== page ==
Credit unions are owned and governed by the people they lend to
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(Vocus) July 16, 2008
As world markets brace for the possible collapse of dozens of American banks during the next year, global financial leaders meeting at the World Council of Credit Unions (WOCCU) conference in Hong Kong discussed ways that, by better emulating transparent practices and accountability of credit unions to the members they serve, banks may be better able to head off collapse. Regional banks including Washington Mutual Inc. and National City Corp. are at risk of failure, the New York Times reported July 14, 2008.
Paul Sarbanes, former U.S. senator and sponsor of the Sarbanes Oxley Act of 2002, told conference-goers that adopting greater transparency and accountability voluntarily, following the lead of credit unions, is better than increased regulation. He also encouraged regulators to use existing laws more effectively.
"Credit unions are the ultimate self-help tool and an important response to America's challenges," said Sarbanes. "Other businesses can learn from their transparency and accountability and how it has helped them to weather the subprime lending challenges to the financial system in the United States."
Sarbanes is credited by many as having predicted the subprime fallout from risky consumer-lending practices. His suggestion to use existing regulation and follow the best practices of credit unions in the areas of transparency and accountability was new.
“I have been on record for some time with regulators to deploy tools like the Home Owners Equity Protection Act to rein in some of these practices,” he told reporters at the WOCCU conference in Hong Kong. Addressing 1,300 attendees from 48 countries, Sarbanes asked when it had become standard mortgage practice to offer people loans without looking into whether they could pay them back.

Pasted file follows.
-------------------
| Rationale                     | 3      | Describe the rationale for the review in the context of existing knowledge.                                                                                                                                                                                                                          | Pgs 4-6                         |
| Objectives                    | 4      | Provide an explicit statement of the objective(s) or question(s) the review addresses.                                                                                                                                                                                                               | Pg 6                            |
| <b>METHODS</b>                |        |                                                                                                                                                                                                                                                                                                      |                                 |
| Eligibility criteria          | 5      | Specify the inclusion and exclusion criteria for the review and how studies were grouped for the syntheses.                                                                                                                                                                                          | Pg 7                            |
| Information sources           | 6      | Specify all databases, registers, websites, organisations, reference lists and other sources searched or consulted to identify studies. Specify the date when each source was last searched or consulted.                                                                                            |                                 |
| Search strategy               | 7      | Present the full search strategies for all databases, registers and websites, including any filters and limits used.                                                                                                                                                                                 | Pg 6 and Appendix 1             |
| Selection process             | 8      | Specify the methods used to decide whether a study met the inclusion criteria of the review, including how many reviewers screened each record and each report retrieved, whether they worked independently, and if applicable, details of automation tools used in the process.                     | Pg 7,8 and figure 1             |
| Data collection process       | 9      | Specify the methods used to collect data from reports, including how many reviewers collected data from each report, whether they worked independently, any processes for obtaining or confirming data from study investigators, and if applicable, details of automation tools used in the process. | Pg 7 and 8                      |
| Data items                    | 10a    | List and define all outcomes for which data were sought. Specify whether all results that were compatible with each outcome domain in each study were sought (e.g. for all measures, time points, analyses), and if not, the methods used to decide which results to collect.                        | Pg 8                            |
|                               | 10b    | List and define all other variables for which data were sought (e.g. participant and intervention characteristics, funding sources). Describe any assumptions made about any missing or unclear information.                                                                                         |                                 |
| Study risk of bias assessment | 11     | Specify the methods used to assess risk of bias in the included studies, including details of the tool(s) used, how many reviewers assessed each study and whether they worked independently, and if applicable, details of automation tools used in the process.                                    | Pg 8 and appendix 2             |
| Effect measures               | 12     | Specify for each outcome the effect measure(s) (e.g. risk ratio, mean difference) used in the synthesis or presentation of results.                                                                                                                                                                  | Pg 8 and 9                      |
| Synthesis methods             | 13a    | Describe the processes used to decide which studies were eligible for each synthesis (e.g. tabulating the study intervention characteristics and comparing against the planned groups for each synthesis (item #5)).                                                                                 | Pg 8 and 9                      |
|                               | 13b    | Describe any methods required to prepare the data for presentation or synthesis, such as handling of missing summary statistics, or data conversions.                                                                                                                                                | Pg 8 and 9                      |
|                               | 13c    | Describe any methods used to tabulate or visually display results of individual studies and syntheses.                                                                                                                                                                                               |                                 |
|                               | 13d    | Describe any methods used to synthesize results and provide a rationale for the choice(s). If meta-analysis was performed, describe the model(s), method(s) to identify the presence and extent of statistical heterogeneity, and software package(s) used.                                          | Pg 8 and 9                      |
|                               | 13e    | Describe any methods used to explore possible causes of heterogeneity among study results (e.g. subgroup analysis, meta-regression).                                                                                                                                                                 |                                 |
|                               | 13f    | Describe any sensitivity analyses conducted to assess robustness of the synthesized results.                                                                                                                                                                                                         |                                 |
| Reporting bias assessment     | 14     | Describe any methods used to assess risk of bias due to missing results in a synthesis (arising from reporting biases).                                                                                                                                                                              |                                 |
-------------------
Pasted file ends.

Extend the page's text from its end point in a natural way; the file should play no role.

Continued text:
How can the transparent practices of credit unions benefit banks?
“Credit unions are owned and governed by the people they lend to,” explained Pete Crear, WOCCU’s president and chief executive officer. “This is why credit unions didn’t put their institutions or consumers at risk by offering loans borrowers couldn’t afford.”
As Wall Street analysts pose crucial questions about how many banks might falter, credit union leaders in Hong Kong offered insight into their own institutions’ stability and ability to offer consumer loans while other lenders are reeling.
“Banks can regain the trust of consumers and analysts by acting with the same level of openness that they expect from the borrowers,” said Crear. “Many credit union members around the world rely on banks as well as credit unions. We want to see consumers weather this storm.”
About the World Council of Credit Unions (WOCCU):
The World Council of Credit Unions is the leading international trade association and development agency for credit unions worldwide. Operating under its vision of “quality credit unions for everyone,” WOCCU promotes the sustainable development of credit unions to empower people around the world to grow through access to high quality, affordable financial services. WOCCU is funded by government agency and foundation grants, member dues and annual gifts from WOCCU supporters. WOCCU and its subsidiaries are headquartered in Madison, Wis., in the United States with a permanent office in Washington, D.C., and program offices worldwide. Learn more at http://www.woccu.org.
For breaking news updates & requests for interview scheduling:
Jamie Chase (253) 732-4369 or jchase @ jayray.com
Mike Muckian (608) 395-2080 or mmuckian @ woccu.org
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